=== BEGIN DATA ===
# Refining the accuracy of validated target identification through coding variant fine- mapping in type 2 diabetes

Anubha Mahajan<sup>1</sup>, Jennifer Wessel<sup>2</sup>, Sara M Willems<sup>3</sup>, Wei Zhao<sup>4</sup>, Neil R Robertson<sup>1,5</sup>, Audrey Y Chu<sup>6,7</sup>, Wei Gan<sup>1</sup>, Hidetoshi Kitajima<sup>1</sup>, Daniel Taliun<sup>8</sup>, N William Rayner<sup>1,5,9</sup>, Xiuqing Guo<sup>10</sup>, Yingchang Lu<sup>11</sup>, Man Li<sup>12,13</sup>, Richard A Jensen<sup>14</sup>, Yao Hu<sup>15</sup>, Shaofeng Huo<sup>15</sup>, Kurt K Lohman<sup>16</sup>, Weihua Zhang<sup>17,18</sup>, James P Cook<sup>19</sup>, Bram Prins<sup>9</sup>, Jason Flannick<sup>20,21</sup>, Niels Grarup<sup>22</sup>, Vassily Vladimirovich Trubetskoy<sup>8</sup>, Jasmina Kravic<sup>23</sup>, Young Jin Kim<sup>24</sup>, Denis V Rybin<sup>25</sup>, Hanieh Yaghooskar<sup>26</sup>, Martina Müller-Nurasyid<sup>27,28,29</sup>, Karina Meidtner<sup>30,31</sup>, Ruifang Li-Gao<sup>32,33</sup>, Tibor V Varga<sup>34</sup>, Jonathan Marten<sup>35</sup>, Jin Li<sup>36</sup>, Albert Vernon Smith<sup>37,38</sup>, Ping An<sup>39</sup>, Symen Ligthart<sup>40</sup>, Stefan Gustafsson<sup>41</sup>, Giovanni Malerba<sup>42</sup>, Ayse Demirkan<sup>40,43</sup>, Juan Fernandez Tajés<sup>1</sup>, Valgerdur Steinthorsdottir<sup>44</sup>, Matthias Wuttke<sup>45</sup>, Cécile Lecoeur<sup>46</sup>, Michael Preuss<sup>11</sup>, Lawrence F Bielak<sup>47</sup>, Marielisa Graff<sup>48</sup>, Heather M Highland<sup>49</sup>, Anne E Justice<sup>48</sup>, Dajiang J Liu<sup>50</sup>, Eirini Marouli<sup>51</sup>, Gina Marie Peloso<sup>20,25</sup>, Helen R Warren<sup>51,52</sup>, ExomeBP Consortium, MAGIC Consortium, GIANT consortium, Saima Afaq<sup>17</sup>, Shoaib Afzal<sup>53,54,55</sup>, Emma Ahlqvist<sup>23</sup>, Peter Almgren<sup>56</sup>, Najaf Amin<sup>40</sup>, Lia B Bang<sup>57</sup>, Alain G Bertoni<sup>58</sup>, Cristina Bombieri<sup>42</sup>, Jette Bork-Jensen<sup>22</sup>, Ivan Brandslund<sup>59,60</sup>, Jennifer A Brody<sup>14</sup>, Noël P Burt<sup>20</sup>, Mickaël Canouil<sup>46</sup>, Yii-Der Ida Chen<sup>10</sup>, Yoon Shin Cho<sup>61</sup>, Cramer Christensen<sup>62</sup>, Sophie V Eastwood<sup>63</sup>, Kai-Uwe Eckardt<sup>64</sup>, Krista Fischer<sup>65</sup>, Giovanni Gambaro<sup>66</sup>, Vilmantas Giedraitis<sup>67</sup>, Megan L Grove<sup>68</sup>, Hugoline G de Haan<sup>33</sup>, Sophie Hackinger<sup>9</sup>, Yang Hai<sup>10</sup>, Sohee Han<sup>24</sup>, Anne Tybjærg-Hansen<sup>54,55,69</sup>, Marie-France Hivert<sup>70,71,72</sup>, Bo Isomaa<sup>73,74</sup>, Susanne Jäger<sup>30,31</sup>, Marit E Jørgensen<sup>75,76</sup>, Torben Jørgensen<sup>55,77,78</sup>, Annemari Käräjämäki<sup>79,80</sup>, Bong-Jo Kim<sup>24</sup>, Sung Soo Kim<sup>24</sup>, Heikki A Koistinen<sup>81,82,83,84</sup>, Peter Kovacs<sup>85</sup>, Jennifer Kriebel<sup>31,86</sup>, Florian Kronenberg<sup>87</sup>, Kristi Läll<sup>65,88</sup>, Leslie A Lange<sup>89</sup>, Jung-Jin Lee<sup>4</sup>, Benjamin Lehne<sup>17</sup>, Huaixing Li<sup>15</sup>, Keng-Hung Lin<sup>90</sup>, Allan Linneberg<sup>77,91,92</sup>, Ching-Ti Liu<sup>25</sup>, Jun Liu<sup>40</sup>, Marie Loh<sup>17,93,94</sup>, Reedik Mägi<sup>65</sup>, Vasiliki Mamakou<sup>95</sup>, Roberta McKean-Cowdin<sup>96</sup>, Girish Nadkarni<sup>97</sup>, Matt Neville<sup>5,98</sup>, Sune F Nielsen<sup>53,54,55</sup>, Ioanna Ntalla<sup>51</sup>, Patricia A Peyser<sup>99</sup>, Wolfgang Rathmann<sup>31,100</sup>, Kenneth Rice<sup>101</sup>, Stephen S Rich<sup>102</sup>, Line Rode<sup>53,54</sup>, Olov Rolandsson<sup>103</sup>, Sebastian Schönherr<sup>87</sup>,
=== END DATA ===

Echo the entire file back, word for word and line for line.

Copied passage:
# Refining the accuracy of validated target identification through coding variant fine- mapping in type 2 diabetes

Anubha Mahajan<sup>1</sup>, Jennifer Wessel<sup>2</sup>, Sara M Willems<sup>3</sup>, Wei Zhao<sup>4</sup>, Neil R Robertson<sup>1,5</sup>, Audrey Y Chu<sup>6,7</sup>, Wei Gan<sup>1</sup>, Hidetoshi Kitajima<sup>1</sup>, Daniel Taliun<sup>8</sup>, N William Rayner<sup>1,5,9</sup>, Xiuqing Guo<sup>10</sup>, Yingchang Lu<sup>11</sup>, Man Li<sup>12,13</sup>, Richard A Jensen<sup>14</sup>, Yao Hu<sup>15</sup>, Shaofeng Huo<sup>15</sup>, Kurt K Lohman<sup>16</sup>, Weihua Zhang<sup>17,18</sup>, James P Cook<sup>19</sup>, Bram Prins<sup>9</sup>, Jason Flannick<sup>20,21</sup>, Niels Grarup<sup>22</sup>, Vassily Vladimirovich Trubetskoy<sup>8</sup>, Jasmina Kravic<sup>23</sup>, Young Jin Kim<sup>24</sup>, Denis V Rybin<sup>25</sup>, Hanieh Yaghooskar<sup>26</sup>, Martina Müller-Nurasyid<sup>27,28,29</sup>, Karina Meidtner<sup>30,31</sup>, Ruifang Li-Gao<sup>32,33</sup>, Tibor V Varga<sup>34</sup>, Jonathan Marten<sup>35</sup>, Jin Li<sup>36</sup>, Albert Vernon Smith<sup>37,38</sup>, Ping An<sup>39</sup>, Symen Ligthart<sup>40</sup>, Stefan Gustafsson<sup>41</sup>, Giovanni Malerba<sup>42</sup>, Ayse Demirkan<sup>40,43</sup>, Juan Fernandez Tajés<sup>1</sup>, Valgerdur Steinthorsdottir<sup>44</sup>, Matthias Wuttke<sup>45</sup>, Cécile Lecoeur<sup>46</sup>, Michael Preuss<sup>11</sup>, Lawrence F Bielak<sup>47</sup>, Marielisa Graff<sup>48</sup>, Heather M Highland<sup>49</sup>, Anne E Justice<sup>48</sup>, Dajiang J Liu<sup>50</sup>, Eirini Marouli<sup>51</sup>, Gina Marie Peloso<sup>20,25</sup>, Helen R Warren<sup>51,52</sup>, ExomeBP Consortium, MAGIC Consortium, GIANT consortium, Saima Afaq<sup>17</sup>, Shoaib Afzal<sup>53,54,55</sup>, Emma Ahlqvist<sup>23</sup>, Peter Almgren<sup>56</sup>, Najaf Amin<sup>40</sup>, Lia B Bang<sup>57</sup>, Alain G Bertoni<sup>58</sup>, Cristina Bombieri<sup>42</sup>, Jette Bork-Jensen<sup>22</sup>, Ivan Brandslund<sup>59,60</sup>, Jennifer A Brody<sup>14</sup>, Noël P Burt<sup>20</sup>, Mickaël Canouil<sup>46</sup>, Yii-Der Ida Chen<sup>10</sup>, Yoon Shin Cho<sup>61</sup>, Cramer Christensen<sup>62</sup>, Sophie V Eastwood<sup>63</sup>, Kai-Uwe Eckardt<sup>64</sup>, Krista Fischer<sup>65</sup>, Giovanni Gambaro<sup>66</sup>, Vilmantas Giedraitis<sup>67</sup>, Megan L Grove<sup>68</sup>, Hugoline G de Haan<sup>33</sup>, Sophie Hackinger<sup>9</sup>, Yang Hai<sup>10</sup>, Sohee Han<sup>24</sup>, Anne Tybjærg-Hansen<sup>54,55,69</sup>, Marie-France Hivert<sup>70,71,72</sup>, Bo Isomaa<sup>73,74</sup>, Susanne Jäger<sup>30,31</sup>, Marit E Jørgensen<sup>75,76</sup>, Torben Jørgensen<sup>55,77,78</sup>, Annemari Käräjämäki<sup>79,80</sup>, Bong-Jo Kim<sup>24</sup>, Sung Soo Kim<sup>24</sup>, Heikki A Koistinen<sup>81,82,83,84</sup>, Peter Kovacs<sup>85</sup>, Jennifer Kriebel<sup>31,86</sup>, Florian Kronenberg<sup>87</sup>, Kristi Läll<sup>65,88</sup>, Leslie A Lange<sup>89</sup>, Jung-Jin Lee<sup>4</sup>, Benjamin Lehne<sup>17</sup>, Huaixing Li<sup>15</sup>, Keng-Hung Lin<sup>90</sup>, Allan Linneberg<sup>77,91,92</sup>, Ching-Ti Liu<sup>25</sup>, Jun Liu<sup>40</sup>, Marie Loh<sup>17,93,94</sup>, Reedik Mägi<sup>65</sup>, Vasiliki Mamakou<sup>95</sup>, Roberta McKean-Cowdin<sup>96</sup>, Girish Nadkarni<sup>97</sup>, Matt Neville<sup>5,98</sup>, Sune F Nielsen<sup>53,54,55</sup>, Ioanna Ntalla<sup>51</sup>, Patricia A Peyser<sup>99</sup>, Wolfgang Rathmann<sup>31,100</sup>, Kenneth Rice<sup>101</sup>, Stephen S Rich<sup>102</sup>, Line Rode<sup>53,54</sup>, Olov Rolandsson<sup>103</sup>, Sebastian Schönherr<sup>87</sup>,